INDIANAPOLIS — Findings from the 2022 annual Indianapolis Homeless Point-in-Time (PIT Count) released Thursday show a 9% fall in homelessness from 2021.
The PIT Count is required by the federal department of Housing and Urban Development.
“It’s a snapshot of who’s experiencing homelessness in cities across the country,” Chelsea Haring-Cozzi said.
Haring-Cozzi is the executive director of the Coalition for Homelessness Intervention and Prevention (CHIP). CHIP volunteers counted the number of people experiencing homelessness on Jan. 24.
The analysis showed that there were 1,761 people, down 9% from 2021’s 1,928.
“We’re happy to see that it’s trending back down after one of the highest point in time counts we’ve had in recent history in 2021 during COVID,” Haring-Cozzi said.
Gains in the veteran population were especially notable. The number of veterans counted this year was 35% lower than in 2021.
Haring-Cozzi said there were many programs this year specifically geared towards veterans, and this may be an indicator of their success.
“I think it demonstrates that when we work close-knit in a strategic and targeted way, we can see the impact,” she said.
But the gains were not across the board. There was a 27% increase in families with young children, and volunteers found unsheltered children for the first time since 2019.
“Family homelessness is still there. And we’re going to see it, I believe, getting increasingly worse as the economy and affordable housing is not available to everybody,” Lori Casson said.
Casson is the executive director of Dayspring Center, a shelter for families. She said the demand has been increasing for years now.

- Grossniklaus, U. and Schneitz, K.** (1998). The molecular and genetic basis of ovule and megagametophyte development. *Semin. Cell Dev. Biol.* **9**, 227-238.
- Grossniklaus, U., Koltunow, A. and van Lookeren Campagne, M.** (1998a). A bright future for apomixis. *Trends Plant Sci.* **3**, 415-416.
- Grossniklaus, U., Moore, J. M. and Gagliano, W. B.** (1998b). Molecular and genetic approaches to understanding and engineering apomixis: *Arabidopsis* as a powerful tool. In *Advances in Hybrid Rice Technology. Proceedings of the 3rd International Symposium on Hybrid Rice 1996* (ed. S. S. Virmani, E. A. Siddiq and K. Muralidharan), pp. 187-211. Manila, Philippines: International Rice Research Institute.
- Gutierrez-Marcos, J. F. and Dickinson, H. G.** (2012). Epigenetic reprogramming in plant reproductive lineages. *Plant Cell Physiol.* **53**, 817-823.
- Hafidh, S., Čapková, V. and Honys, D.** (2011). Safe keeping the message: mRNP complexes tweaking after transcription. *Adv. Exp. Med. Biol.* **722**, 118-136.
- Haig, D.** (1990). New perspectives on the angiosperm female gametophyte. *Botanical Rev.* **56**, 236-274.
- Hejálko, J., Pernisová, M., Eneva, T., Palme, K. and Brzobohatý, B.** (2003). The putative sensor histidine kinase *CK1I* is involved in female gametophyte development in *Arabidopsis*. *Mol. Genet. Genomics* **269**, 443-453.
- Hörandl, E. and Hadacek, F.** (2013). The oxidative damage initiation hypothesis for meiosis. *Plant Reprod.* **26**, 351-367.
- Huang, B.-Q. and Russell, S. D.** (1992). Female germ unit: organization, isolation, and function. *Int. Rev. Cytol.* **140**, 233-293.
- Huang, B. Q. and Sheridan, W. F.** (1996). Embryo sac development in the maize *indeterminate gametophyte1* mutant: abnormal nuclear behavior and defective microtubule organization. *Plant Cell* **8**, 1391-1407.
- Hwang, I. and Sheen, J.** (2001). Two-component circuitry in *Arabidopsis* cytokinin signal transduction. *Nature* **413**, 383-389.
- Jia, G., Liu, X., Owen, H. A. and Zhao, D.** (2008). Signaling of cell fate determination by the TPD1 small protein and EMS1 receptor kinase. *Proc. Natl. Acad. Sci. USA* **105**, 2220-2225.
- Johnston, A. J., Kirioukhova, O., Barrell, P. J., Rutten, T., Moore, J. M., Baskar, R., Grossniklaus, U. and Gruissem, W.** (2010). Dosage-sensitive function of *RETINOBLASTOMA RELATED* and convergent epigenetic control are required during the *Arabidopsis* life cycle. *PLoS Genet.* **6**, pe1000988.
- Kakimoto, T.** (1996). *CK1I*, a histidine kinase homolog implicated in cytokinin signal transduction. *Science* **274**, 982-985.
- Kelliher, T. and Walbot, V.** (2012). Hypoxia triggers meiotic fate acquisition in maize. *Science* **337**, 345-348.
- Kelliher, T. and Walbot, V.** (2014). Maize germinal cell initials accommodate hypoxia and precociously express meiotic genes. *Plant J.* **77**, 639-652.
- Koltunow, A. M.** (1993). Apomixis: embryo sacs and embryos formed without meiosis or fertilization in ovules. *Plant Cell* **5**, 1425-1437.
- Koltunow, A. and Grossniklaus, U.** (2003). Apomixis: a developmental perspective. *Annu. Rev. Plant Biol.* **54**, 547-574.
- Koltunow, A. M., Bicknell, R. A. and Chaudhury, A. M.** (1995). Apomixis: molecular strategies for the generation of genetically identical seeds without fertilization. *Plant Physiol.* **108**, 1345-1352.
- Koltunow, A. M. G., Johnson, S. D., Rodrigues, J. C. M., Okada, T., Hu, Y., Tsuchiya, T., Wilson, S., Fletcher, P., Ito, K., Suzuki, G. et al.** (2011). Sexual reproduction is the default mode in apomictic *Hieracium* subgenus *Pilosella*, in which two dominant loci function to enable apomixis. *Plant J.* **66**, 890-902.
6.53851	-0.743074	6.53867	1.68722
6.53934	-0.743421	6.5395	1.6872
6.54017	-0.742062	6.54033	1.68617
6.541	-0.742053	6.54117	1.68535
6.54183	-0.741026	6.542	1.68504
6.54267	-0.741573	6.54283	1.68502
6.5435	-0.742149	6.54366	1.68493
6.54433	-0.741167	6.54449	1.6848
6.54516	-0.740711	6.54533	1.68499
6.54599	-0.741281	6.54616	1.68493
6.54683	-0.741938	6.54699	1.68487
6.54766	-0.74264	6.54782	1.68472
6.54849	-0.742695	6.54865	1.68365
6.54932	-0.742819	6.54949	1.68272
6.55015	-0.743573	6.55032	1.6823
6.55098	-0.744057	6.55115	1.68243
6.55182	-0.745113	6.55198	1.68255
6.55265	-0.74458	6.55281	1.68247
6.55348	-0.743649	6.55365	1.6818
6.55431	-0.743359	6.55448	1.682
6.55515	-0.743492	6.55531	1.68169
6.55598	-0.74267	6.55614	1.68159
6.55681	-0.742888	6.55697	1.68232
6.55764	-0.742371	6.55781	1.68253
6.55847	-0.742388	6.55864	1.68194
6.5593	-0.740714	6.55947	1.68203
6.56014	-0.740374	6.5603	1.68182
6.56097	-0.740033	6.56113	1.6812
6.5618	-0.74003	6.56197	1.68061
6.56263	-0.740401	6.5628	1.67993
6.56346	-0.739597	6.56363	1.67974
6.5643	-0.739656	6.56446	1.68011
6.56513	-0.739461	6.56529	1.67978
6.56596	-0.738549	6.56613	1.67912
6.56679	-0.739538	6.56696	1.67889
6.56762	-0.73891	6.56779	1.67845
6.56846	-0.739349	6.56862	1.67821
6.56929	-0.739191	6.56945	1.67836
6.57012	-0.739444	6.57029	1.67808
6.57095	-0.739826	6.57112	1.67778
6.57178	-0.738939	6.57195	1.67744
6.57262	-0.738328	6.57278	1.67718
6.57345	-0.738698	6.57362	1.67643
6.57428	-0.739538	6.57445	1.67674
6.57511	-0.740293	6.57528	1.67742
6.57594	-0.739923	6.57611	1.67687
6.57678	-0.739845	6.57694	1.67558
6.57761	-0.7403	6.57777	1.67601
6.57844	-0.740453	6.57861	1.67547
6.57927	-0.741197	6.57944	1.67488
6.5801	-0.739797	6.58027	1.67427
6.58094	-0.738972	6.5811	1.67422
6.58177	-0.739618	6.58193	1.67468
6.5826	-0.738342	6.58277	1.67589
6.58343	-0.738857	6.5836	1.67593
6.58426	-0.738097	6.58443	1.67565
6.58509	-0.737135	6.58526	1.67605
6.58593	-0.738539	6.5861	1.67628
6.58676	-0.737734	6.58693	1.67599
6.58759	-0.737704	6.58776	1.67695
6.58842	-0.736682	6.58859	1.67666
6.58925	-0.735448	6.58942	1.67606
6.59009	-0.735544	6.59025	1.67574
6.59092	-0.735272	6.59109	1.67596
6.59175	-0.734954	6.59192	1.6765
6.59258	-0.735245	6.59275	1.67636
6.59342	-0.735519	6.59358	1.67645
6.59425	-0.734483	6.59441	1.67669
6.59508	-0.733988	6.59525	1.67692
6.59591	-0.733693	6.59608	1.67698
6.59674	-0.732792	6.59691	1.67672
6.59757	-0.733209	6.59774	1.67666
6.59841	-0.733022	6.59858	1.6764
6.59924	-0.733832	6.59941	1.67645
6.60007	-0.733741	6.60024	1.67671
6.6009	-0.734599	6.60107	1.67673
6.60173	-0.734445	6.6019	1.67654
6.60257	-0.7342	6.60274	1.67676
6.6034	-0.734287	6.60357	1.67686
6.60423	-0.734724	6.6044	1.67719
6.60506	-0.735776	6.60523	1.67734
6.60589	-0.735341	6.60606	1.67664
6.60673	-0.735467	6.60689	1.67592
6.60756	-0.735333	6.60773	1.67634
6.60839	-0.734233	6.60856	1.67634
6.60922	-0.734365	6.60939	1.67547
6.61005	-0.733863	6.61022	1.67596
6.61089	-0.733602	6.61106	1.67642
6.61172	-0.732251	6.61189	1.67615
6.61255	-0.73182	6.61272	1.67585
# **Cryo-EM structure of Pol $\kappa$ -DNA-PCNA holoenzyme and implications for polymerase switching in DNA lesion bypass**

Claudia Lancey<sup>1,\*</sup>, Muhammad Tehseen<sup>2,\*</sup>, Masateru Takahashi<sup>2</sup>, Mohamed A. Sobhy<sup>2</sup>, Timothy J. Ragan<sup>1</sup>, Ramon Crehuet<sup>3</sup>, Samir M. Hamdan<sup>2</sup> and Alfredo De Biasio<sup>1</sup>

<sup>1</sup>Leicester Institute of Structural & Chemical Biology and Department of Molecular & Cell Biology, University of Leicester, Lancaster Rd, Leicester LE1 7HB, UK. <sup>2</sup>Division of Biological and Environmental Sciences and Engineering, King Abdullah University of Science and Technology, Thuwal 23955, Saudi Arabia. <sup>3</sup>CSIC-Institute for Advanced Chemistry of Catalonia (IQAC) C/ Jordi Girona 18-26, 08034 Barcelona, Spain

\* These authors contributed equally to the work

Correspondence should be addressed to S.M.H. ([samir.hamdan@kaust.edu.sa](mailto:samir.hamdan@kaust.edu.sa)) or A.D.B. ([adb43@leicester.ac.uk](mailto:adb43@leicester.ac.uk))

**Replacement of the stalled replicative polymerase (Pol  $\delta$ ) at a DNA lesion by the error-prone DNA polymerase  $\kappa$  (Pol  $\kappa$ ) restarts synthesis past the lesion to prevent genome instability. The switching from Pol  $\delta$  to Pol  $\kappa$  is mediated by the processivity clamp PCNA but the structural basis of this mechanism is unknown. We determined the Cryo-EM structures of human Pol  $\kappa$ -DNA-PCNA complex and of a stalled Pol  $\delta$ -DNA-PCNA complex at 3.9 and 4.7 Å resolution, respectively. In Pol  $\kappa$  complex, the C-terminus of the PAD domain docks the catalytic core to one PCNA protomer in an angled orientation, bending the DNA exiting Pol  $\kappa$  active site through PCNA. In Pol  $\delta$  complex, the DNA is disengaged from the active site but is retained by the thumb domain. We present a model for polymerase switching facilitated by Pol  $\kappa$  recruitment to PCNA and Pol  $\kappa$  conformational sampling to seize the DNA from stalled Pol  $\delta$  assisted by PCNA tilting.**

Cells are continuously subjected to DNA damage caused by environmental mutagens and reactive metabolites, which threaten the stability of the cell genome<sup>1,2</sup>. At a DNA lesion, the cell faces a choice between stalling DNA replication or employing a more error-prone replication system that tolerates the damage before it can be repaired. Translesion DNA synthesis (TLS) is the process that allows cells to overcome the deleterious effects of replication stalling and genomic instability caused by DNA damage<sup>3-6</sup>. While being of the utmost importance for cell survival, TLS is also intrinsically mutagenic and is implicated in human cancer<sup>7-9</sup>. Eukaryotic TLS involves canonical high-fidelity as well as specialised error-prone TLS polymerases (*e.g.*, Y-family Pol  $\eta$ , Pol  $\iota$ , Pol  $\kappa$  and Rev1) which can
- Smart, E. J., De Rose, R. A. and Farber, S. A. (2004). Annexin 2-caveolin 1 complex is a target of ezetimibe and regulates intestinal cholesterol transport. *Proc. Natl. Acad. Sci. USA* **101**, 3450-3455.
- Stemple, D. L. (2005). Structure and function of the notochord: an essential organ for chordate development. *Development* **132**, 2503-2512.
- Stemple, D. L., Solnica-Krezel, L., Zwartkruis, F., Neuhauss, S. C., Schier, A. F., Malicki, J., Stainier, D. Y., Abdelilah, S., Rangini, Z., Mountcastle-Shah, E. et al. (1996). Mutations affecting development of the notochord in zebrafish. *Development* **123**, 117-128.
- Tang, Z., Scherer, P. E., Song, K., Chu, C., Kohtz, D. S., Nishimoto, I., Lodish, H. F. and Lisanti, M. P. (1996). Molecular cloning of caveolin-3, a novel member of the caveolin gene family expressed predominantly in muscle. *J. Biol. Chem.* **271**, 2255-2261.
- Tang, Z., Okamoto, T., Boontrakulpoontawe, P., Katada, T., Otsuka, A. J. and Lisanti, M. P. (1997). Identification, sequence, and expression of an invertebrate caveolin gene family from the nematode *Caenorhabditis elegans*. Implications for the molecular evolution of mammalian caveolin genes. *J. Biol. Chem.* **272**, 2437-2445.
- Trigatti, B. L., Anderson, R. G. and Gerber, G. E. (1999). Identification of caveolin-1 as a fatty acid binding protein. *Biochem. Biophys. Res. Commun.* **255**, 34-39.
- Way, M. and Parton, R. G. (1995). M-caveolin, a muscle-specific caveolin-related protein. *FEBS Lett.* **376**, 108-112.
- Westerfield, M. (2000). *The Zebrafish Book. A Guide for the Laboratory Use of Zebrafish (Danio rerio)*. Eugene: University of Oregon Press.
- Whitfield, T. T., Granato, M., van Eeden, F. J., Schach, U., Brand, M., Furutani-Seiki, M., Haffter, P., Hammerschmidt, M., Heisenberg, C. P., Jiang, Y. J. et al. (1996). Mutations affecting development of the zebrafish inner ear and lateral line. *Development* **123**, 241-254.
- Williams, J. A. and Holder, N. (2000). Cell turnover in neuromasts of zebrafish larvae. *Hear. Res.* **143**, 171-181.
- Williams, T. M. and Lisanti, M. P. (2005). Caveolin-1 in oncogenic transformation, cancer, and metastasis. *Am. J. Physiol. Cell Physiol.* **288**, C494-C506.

“Homeless people are still there. The need is still tremendously great,” she said.
The PIT count has a narrow focus – only one night, and only people in certain circumstances. Haring-Cozzi said the study only counts people experiencing literal homelessness, meaning, they’re sleeping in a place not meant for human habitation, such as on the streets or in a shelter.
“These counts do not count those who are housing unstable, who might be couch surfing or doubled up. And that’s an important distinction to remember,” she said.
Casson says that homelessness in families looks different. They can bounce around, or be doubling up.
Those situations aren’t counted in the PIT count. She hopes the public doesn’t see the 9% decrease and think people are no longer in need.
“I don’t want people to see the PIT count and think that there are only 1,700 homeless people in Indianapolis, because that’s just not the truth,” she said.
The PIT count also takes place in January, when Casson says family shelters are busiest right before school starts.
“The highest demand time is actually in the late summer, where we are now, not in January,” she said.
African American families struggled even more than others. The PIT count showed that 82% of people in families with small children experiencing homelessness were Black.
African Americans made up 56% of those counted on Jan. 24, up from 54% last year.
There was also a rise in the number of young people on the streets. People ages 18-24 made up the smallest portion of those counted, but the number nearly doubled during the pandemic.
Even though the struggle is ongoing, Haring-Cozzi said that the PIT count shows that the numbers are going in the right direction. She credits pandemic relief efforts for some of the positive results.
“If there’s a silver lining, it forced people to get really focused, to get strategic, to target investment, and I think we have to just keep building on that momentum,” she said. “It’s positive that it’s trending down, but we still have a lot of work to do.”